I love driving home at night and seeing the city lights in my rear-view mirror and the trees surrounding me.

  13. Beautiful post. Mine would be very similar but not nearly as well written.

    Here in the mountains in Roanoke, Virginia, I would have to say the same things, but add bears, bobcats & guinea hens to the list of animals spotted. Lots of green and trees. Beautiful stars at night, open carry or concealed carry with permit (I thought easy to obtain), few neighbors and no noise except the birds and the wind. Lots of open space where my little man can roller skate outside in his underwear if he chooses. ‘City’ just 15 minutes away. Perfect location for us.

  14. i was commenting on a post at tam’s wherein she requested advice on armed defense from mankiller komodo dragons, and realized it might be apropos here for any of ya’ll considering a move down here to florida paradise…

    ******************

    ten foot lizards? and you gotta go to frickin’ indonesia to tangle with one? pfft. a ten footer is barely average for a fla gator…lake istokpoga is five miles from my house; last time i cruised it during a drought the damned things were swarming…big ones. dumbass snowbirds feed the things. and if you’re gonna croak one, gotta have a permit…and a big long .44 mag. bangstick.

    but apparently we’ve got a potentially worse reptile problem:

    http://www.thelizardkingbook.com/blog/?p=1063

    looks like a twelve gauge is the preferred method of dispatch…but apparently that’s considered inhumane.

    damn, this place is really getting to be a jungle…there’s a huge wild iguana problem around fort myers, and i guess those f’n dragons will take up residence soon enough.

    but it’s still the two-legged monsters i’m most concerned about; that twelve gauge would do a pretty good job on them, too…and i don’t give a rat’s ass if it’s inhumane or not.

    jtc

  15. mts says:

    I live in Mayberry. The last medium sized city in the area that didn’t go through a “change” that resulted in urban blight and slums, or wasn’t farmland that became suburban sprawl.

    Crime is low, the town characters are rather harmless, even when drunk. I walk to most everything I need, so instead of getting an oil change every month, I get around two a year. I can go buy stamps, get a book from the library, eat lunch, grocery shop, have the jeweler replace the watch battery, spin the laundry, see a city council meeting, stop for a drink, attend Sunday Mass, and catch a movie, all on foot. The worst thing the “juvenile delinquents” do is an occasional spray painting binge, which is quickly cleaned.

    Town government sometimes gets stupid ideas, but it is reasonably honest, and a man can get them to begrudgingly bend away from idiocy if he’s persistent enough, and gives them the decent treatment he’s asking for. And the place is self-contained enough where if we had another Depression, instead of imploding, it should be able to weather it like it did in the first one, or in the 1800’s, where everyone worked for someone in town. It’s not a mill town. It’s a diversified town-town.

  16. Chris Pugrud says:

    My family home is central, BFE, it’s not the middle of nowhere, but you can see it from there, Montana. All of the great features you mention except we have the Big Sky, horizon to horizon, wow! the sky is so big, stars, and thunderstorms you can see three days out. You have to drive 90 miles to reach a county with more than 15k people, let alone a “city” with more than one grocery store.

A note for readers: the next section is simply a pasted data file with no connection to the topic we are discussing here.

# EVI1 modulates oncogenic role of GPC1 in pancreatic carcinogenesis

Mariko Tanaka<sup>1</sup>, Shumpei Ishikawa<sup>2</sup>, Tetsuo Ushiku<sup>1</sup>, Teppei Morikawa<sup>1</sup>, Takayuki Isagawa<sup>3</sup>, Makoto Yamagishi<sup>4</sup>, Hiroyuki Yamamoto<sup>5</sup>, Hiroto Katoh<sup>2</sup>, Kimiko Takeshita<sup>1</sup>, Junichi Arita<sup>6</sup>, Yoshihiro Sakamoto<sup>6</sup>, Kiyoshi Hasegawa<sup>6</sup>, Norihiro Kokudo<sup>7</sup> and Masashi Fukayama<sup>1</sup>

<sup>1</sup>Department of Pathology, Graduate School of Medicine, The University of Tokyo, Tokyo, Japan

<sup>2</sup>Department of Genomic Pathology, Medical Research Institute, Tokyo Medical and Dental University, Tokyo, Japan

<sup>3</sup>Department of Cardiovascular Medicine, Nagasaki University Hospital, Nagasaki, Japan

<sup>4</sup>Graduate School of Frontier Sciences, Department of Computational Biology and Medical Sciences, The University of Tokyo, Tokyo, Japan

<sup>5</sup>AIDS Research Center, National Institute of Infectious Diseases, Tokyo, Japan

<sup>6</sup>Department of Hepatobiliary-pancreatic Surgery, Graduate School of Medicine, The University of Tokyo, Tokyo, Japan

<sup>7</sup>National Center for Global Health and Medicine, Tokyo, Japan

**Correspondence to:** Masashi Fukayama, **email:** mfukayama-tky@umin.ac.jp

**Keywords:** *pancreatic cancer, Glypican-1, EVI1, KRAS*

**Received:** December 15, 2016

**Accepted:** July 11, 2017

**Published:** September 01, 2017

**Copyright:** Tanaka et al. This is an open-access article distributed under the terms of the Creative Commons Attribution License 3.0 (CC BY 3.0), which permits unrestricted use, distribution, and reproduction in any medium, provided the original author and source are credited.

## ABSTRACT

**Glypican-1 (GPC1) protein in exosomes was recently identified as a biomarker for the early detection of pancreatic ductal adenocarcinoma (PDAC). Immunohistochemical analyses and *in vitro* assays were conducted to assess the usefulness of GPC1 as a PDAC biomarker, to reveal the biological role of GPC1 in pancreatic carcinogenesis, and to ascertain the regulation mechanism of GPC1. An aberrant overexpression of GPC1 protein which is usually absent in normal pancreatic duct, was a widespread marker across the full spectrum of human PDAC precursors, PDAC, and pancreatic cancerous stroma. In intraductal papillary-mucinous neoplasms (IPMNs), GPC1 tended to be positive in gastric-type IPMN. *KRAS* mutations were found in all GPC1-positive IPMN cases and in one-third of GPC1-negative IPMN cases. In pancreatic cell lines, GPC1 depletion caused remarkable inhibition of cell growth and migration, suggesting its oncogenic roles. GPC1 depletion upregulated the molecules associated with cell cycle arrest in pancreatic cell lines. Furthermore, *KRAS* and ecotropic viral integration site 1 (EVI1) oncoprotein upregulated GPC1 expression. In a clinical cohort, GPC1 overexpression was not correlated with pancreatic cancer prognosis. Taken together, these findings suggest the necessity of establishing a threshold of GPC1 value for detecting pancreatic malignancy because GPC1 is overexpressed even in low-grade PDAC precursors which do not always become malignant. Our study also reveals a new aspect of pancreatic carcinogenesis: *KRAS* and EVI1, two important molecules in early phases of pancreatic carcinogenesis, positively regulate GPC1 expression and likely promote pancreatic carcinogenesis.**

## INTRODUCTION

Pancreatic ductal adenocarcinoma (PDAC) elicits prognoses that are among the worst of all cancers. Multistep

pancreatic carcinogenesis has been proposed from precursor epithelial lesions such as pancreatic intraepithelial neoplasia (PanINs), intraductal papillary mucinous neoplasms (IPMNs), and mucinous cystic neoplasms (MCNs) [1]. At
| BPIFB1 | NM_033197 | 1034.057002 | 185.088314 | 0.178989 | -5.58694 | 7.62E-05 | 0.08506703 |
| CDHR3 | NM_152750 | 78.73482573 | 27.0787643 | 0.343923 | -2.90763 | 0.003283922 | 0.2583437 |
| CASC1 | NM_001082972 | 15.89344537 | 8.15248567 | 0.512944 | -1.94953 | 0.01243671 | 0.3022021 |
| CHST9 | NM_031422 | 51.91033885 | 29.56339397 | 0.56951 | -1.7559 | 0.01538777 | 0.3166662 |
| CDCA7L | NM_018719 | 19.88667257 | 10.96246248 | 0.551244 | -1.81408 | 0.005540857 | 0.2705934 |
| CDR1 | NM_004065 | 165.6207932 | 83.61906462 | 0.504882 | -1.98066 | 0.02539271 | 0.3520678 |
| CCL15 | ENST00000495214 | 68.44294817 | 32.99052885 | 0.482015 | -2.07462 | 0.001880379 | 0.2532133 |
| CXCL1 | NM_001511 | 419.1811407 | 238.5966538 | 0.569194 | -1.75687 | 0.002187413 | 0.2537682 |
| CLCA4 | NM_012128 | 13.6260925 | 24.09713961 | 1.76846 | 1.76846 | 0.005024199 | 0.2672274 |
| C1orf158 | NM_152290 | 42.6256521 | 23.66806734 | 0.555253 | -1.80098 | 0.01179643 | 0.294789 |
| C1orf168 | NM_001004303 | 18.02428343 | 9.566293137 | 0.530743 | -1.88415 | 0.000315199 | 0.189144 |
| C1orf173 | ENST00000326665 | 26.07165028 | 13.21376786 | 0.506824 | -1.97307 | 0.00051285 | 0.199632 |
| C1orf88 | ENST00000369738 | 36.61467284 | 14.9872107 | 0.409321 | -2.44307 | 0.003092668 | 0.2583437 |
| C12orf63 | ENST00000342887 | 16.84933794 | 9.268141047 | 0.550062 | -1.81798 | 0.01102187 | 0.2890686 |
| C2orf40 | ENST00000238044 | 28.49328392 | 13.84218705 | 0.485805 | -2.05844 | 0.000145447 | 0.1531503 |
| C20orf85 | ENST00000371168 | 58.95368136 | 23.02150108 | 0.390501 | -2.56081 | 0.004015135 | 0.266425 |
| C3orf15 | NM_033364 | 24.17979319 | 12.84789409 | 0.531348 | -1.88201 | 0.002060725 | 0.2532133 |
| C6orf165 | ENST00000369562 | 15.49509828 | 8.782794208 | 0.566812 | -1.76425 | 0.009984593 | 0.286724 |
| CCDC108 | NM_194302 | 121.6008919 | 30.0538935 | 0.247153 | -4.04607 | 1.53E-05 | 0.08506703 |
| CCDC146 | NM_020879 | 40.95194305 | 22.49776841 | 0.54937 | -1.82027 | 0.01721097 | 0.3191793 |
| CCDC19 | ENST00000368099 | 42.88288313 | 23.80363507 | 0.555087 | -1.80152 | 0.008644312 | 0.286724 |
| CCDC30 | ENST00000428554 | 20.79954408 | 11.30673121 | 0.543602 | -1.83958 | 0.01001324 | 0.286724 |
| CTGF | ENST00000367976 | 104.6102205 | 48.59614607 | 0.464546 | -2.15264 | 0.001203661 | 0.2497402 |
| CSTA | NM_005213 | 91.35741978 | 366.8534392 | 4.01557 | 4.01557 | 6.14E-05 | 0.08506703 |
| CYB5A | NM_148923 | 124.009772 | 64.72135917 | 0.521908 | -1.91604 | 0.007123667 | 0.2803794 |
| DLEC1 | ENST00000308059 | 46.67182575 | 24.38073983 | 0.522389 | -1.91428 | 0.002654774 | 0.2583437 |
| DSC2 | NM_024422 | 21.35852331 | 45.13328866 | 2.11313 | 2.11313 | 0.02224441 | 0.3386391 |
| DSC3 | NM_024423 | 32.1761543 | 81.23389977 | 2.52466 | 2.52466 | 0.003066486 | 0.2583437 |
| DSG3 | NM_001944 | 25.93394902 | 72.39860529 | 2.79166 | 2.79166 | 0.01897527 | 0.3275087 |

At the moment I’m out in Northern Virginia suburbia. On the other hand, we’ve got more than an acre, deer in the yard, and Dulles airport is less than 10 minutes away, Iraq is less than 15 hours away. Jobs and some family keep us hear. When we are ready to escape the federal contractor employment teat and I can build a home warm enough for my wife to survive an actual winter, we will be happy at home, back in Montana.

  17. Sara says:

    I live in Illi-frickin’-nois. I live here exclusively for the proximity to family, and I’m planning to move the heck out of here if the job market ever recovers. It’s fun to run around Chicago, but you wouldn’t want to pay the taxes to fund the 8,000 forms of graft.

  18. Marko;
    Nicely put. Your post reminds me of where I used to live as a youngster in southern Vermont. Our house was in a small town, not in the woods like yours is, but I do remember all the things that you mention including all the animals, the night sky, the mountains close by. My Mom used to tell us kids to go out and play and not to bother her again until dinner time. We had bikes and .22’s and camping gear and a swimming hole nearby. The town had no post office or store (we had to go to the town adjacent, about 5 mi) and if we wanted to see a movie, the nearest theater was in Ludlow, about 30 mi. away and over the (one of many) mountains. In the winter, my Dad being the frugal man he was, would hang a blanket over the stairwell so no heat from the floor furnace would be “wasted” in an area without plumbing. I remember being able to see my breath in the bedroom, but with down comforters, it was fine until my feet hit the hardwood floor.
    Currently living in Indiana where I ended up after much moving around, but here we do live out in the farm area with mostly corn and/or soy and some woods and no nearby neighbors. It ain’t paradise, but its not bad.
    What would I do to convince someone to live here? I wouldn’t. Every place in the country has something good going for it and something that you wish wasn’t. I make a decent living and although the kids are out of the house now, its not a bad place to raise them. I don’t really like the commute to Indpls., but I have a good job and the place in the country is worth the extra drive. When the weather is warmer and I can ride in, even better.
    Still miss Vermont and enjoy my family visits, but for now home is in the broad flatlands of central Indiana.

  19. blocksworld says:

    I did NM, the high desert and all, and it IS beautiful, but the Green (and White) mountains are more my style. I’ve yet to out-do climbing off the mesa in White Rock for flat mind-blowing views, however…

    Marko, I’ve move to the Fairlee/Lebanon area in about a second if I could figure out the economic logistics. I spent a week over at camp Ohana for a wedding in the fall and nearly didn’t come back to SNE.

    -E